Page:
According to researchers in Cleveland, a child exposed to violence continues to get tormented even in sleep. How badly the child feels traumatised and for how long correlates with how severe the violence was. Nightmares and insomnia have always been associated with such violence, but the Cleveland study explores various facets of the impact on children. For example, sleep is affected to a greater degree if the child is victimised during the violent event than if the child is just a witness to the violence. Also, seeing a homicide seems to distress the child more as time passes.
"This work is showing that experiencing even a single violent event as a victim or as a witness may influence sleep behavior in different ways, which in turn may negatively affect a child's health and functioning," said James Spilsbury, PhD, the study's principal investigator.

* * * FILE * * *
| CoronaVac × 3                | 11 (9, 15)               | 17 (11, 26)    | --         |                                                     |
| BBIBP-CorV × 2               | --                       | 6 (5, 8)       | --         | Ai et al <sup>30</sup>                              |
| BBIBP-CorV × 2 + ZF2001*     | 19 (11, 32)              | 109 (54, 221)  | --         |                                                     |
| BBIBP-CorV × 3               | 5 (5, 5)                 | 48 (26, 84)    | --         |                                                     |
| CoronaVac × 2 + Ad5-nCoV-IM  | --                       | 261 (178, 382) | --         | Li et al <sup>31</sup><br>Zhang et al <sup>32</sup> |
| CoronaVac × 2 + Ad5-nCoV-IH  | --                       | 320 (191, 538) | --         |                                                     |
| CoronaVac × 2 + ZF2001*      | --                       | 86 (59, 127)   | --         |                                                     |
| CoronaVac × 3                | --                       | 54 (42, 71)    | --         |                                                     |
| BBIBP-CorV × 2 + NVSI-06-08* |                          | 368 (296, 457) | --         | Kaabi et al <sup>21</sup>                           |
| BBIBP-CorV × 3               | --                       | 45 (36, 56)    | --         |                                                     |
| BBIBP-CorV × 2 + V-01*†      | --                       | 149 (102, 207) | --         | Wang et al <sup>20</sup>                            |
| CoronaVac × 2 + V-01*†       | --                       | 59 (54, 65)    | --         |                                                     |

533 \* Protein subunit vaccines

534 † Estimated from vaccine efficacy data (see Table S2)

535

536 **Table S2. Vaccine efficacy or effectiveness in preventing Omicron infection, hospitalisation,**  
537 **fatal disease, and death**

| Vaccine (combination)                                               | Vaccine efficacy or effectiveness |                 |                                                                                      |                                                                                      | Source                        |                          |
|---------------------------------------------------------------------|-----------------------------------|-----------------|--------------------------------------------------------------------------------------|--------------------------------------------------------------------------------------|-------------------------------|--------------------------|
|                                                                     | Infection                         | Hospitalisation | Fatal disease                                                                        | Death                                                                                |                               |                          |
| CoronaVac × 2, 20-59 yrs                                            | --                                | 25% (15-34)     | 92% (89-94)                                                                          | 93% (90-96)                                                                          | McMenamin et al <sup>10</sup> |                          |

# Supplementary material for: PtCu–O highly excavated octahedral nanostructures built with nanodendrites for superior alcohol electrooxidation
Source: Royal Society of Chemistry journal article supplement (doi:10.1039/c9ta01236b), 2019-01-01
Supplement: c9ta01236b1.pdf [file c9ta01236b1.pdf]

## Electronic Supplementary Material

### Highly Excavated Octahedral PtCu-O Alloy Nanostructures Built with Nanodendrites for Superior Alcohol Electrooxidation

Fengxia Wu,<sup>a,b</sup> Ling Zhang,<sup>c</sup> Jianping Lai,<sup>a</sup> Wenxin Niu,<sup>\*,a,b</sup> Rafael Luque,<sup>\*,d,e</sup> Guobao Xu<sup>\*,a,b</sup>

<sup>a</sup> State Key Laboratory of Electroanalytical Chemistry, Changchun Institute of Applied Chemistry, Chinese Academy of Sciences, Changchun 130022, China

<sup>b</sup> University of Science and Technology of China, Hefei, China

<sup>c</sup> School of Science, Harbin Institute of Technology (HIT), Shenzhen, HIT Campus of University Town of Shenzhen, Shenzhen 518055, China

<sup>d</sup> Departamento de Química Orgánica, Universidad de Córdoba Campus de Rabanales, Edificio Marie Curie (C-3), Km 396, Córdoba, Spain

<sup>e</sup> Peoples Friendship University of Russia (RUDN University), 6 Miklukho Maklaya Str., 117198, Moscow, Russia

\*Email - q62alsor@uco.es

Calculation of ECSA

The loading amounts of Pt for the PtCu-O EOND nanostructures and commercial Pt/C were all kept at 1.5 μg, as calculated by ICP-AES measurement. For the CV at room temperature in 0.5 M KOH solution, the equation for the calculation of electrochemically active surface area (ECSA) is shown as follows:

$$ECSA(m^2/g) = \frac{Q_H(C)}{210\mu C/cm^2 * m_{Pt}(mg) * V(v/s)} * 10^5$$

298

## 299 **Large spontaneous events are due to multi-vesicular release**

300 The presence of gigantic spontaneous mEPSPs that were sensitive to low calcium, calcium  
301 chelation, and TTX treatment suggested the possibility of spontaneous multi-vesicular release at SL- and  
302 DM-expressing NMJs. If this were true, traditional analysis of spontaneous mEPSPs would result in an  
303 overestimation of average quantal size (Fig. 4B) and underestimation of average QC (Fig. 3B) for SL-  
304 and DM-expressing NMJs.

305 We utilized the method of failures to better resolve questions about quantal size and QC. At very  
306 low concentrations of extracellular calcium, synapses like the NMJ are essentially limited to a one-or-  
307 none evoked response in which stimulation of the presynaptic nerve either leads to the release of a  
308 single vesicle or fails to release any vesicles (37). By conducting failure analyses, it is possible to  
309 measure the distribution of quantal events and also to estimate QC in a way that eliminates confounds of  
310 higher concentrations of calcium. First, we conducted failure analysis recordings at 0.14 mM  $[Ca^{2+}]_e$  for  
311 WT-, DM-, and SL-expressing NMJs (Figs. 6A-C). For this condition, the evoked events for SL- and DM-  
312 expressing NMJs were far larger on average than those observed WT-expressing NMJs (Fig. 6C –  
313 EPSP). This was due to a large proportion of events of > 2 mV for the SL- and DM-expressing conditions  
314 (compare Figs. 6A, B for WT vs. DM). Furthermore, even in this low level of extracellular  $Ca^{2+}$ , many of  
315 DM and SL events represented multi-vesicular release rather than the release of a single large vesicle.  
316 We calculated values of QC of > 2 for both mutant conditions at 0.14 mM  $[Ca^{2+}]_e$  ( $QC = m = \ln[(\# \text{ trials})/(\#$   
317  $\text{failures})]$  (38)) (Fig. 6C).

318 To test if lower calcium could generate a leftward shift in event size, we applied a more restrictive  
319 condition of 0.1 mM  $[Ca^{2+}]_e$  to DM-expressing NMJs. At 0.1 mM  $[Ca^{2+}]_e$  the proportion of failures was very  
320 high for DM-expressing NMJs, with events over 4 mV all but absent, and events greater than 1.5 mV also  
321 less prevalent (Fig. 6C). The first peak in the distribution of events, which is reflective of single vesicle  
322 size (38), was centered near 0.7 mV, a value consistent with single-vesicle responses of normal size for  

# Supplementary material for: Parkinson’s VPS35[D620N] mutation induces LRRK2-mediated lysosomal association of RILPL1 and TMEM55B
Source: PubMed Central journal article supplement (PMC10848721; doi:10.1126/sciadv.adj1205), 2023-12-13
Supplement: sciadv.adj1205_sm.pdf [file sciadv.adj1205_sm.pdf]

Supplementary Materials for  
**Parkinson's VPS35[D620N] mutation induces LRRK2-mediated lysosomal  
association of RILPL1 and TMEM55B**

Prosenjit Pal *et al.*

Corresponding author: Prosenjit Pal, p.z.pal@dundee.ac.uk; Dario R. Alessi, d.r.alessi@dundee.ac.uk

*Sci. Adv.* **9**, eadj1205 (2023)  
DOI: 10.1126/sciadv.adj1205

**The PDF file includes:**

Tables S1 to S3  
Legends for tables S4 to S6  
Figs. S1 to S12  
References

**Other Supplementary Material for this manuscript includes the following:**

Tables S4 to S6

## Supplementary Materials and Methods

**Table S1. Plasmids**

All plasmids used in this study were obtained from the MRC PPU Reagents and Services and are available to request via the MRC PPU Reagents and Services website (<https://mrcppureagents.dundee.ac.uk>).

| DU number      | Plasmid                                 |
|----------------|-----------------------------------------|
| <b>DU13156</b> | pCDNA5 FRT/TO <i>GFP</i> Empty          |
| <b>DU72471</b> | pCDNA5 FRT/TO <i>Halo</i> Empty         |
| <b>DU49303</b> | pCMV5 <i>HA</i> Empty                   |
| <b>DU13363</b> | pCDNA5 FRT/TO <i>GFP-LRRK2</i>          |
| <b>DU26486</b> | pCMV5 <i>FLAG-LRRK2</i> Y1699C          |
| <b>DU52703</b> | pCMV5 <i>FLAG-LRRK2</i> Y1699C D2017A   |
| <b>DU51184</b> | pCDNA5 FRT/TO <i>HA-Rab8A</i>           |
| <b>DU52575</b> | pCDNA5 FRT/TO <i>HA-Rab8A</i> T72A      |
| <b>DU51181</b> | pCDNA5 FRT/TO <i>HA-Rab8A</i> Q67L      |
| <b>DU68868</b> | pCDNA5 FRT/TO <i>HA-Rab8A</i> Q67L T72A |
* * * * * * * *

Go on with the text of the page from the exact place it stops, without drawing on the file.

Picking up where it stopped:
Children with insufficient sleep are prone to problems in their development. Poor sleep also relates to serious health risks like high blood pressure, depression, diabetes, heart disease, stroke, obesity and accidents.
Spilsbury and colleagues at Case Western Reserve University and the Cleveland Clinic Multidisciplinary Research Training Program measured the sleep of 46 children, ages 8 to 16, who were participating in a social service programme for children exposed to violence. Ethnicity was mixed, but the children were largely disadvantaged and living in urban settings.
"Even after controlling for the possible effects of exposure to violence in the previous year, we saw that the severity of the more recent event had a measurable, negative influence on a child's quantity and quality of sleep," Spilsbury said.
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